This article is the third in a series produced by the Pharmaceutical Marketing Society’s Digital Interest Group to address some of the industry’s most pressing challenges in the digital space. They have been designed and written to inform and share good practice, but most importantly to generate discussion and collaboration.
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Medical Education has traditionally been the start of the conversation with Healthcare Professionals (HCPs), enabling the sales force to continue that conversation into decision-making. Recently the world has seen fundamental shifts in how we receive information. More than ever Pharma is recognising that HCPs are people too, with preferences and habits much like any individual.
This article explores what this means for medical education. What is the future (and the very real present) that we should be recognising to better support the education of HCPs?
We could easily argue, absolutely nothing has changed. HCPs still value the main principles which underpin medical education. Peer to peer sharing of experiences and knowledge, clear concise data, content backed up by a variety of written resources. There will always be a need for Continuing Professional Development (CPD) accreditation to validate their learning and satisfy their professional learning obligations. Beyond pure education, the demand remains high for the tools to enable changes in the practice and the provision of healthcare. From a holistic standpoint the aim of Medical Education remains to optimise patient outcomes.
What has changed is not necessarily the ‘what’, but the how…
For two years, there were no big congresses or face-to-face meetings to deliver data via the trusted, traditional channels. This knocked the wind out of the sails of Medical Education as we knew it. Suddenly we found ourselves teaching doctors the merits of Teams and Zoom, and intensively training them to present via webinars. We endured many stunted silences as the realities of presenting to audiences virtually left teams feeling nervous about whether audiences were engaged. Would there be enough on-demand viewers later to justify the investment? For a time, there was a feeling that this was a ‘temporary phase’ but will we ever get back to the levels of face-to-face interaction we saw in 2019? For context, IQVIA quotes (IQVIA, 2020) that at the end of 2019, meeting contacts were at an average of 485,915 per month in comparison to 76,308 in September 2020, a 84.3% decrease.
We are now in a new phase of understanding. Whilst HCPs may well relish a week where their interactions are more face-to-face than virtual, the merits of virtual channels cannot be ignored. We must now ensure we maximise opportunities by leveraging a hybrid approach to education.
The way HCPs are engaging with educational content has shifted. We have noticed an increase in the amount of quality online Medical Education content being developed for quick consumption. This can only be a good thing. If high quality educational content is produced, HCPs are informed, and forward thinking is promoted.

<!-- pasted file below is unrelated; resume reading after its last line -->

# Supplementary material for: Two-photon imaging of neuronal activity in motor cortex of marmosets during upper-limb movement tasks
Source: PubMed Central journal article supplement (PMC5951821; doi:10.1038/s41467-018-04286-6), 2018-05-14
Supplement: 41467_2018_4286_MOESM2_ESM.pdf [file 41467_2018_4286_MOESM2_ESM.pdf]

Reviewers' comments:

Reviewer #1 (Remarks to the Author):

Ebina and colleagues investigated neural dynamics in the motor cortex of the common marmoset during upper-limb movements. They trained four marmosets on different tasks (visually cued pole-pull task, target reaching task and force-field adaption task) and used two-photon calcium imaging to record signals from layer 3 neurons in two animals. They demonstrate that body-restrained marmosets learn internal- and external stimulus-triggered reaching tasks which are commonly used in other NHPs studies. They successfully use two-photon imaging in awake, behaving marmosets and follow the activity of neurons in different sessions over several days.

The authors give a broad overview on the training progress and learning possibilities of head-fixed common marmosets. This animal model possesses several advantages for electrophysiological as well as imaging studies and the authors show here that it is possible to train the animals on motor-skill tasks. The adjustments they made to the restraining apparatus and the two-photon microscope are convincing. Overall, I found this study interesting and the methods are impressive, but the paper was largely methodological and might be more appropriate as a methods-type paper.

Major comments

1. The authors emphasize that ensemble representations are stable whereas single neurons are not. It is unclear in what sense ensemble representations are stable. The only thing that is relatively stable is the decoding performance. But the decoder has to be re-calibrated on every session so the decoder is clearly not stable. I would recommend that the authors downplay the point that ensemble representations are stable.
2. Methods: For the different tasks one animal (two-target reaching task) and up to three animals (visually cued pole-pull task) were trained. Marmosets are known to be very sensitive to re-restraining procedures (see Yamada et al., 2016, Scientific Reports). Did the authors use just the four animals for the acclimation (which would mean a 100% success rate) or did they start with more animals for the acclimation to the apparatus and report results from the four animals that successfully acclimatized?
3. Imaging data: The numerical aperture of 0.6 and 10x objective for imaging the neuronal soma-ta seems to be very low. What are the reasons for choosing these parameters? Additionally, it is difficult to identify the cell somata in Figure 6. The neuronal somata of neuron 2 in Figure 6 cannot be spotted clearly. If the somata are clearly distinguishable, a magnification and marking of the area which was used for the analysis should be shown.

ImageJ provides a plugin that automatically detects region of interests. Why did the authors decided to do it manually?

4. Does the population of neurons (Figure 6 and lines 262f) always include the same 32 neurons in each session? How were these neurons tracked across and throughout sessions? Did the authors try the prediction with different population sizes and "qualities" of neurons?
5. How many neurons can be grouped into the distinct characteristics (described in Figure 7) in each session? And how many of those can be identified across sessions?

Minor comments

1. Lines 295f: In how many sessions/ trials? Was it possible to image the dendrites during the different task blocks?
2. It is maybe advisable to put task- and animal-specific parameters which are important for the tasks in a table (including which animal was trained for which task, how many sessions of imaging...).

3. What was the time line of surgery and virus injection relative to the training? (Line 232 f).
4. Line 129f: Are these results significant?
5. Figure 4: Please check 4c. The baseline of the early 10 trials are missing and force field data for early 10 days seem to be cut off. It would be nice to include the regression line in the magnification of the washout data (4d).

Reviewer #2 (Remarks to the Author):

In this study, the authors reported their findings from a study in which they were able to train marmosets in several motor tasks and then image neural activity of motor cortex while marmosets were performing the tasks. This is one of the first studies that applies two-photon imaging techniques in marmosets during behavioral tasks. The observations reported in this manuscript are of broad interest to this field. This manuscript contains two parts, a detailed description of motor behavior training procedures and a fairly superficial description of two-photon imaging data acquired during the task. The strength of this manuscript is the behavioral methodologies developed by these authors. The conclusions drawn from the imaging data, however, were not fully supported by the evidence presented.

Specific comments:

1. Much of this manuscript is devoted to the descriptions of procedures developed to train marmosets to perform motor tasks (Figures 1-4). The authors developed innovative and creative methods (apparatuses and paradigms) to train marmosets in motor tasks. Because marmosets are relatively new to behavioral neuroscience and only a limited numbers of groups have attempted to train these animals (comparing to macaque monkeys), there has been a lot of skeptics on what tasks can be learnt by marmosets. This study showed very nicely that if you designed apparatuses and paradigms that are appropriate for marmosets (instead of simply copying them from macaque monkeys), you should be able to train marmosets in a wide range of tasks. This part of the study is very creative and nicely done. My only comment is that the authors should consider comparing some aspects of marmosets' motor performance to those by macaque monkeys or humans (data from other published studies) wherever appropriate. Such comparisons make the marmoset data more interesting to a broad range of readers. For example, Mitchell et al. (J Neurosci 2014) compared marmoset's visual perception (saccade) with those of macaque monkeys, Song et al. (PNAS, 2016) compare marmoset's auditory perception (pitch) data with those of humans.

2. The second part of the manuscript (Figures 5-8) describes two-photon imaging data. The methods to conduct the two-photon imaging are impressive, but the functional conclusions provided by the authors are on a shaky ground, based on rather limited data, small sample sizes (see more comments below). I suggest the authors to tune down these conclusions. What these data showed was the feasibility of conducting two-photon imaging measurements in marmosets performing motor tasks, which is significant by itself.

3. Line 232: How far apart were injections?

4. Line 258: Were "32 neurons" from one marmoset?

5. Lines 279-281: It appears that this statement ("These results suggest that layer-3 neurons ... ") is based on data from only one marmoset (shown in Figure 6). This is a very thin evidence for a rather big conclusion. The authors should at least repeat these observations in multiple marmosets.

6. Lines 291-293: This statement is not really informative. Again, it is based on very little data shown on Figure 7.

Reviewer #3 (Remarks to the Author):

In the race to capture HCPs attention and seek return on investment, are we seeing the lines blur between promotional content and Medical Education more than ever before?
Extending the conversation?
Traditionally it was the role of Medical Education to start the conversation, with the sales force continuing that conversation and facilitating a positive change in behaviour. Sales forces have undoubtedly shrunk thanks to shifting priorities in 2020, with IQVIA quoting a 28.6 – 47.8% decrease in full-time sales-force employees for the largest 10 global pharmaceutical companies (IQVIA, 2021). Those who are available have reduced access to their customers due to the COVID back-log and an ever stretched NHS. Many HCPs are far more siloed in their engagement activities now, through choice and time pressures.
Are we now seeing that, increasingly, Medical Education has a role to play in extending that conversation beyond pure information, through to facilitating change? Is this right, and does it set the path for success?
More questions we could ask ourselves include
- Is there a need to extend the conversation?
- At what point does education hand over to promotion? – how is that facilitated through the content and the channel?
- What are the KPIs for the educational content element of the journey?
- How do your respective therapy area HCPs want to access Medical Education?
In the quest to seek commercial value against the mounting costs of generating this content, are we seeing more marketers’ focus turn to using this educational content as a hook for consent capture to engage further with HCPs? Internally is this at odds with what medical teams are trying to achieve?
Allowing HCPs to proactively transition between the foundation of education and more detailed promotional messaging and product information puts them in the driving seat. It ensures they receive all the relevant information they need; however, we need to be careful not to make them jump through too many hoops in the process of accessing the quality content they seek.
It is important to weigh up the merits of delivering the educational messages to a wide audience vs. pushing for engagement in a more limited way. Regardless of the strategy, ‘no strings, quality medical education’ remains critical for generating trust.
When it comes to the future of medical education, we already see that medical and marketing teams’ priorities are shifting. A recent survey by Reuters Events included representatives from marketing and digital, medical affairs, product/brand marketing and commercial strategy. The survey reviewed where Medical Education budgets are likely to increase and decrease over the next 3-4 years.
Figure 1: How Pharmaceutical budgets are predicted to change over the next 3-4 years. (The new era of HCP engagement, 2022, Reuters Events)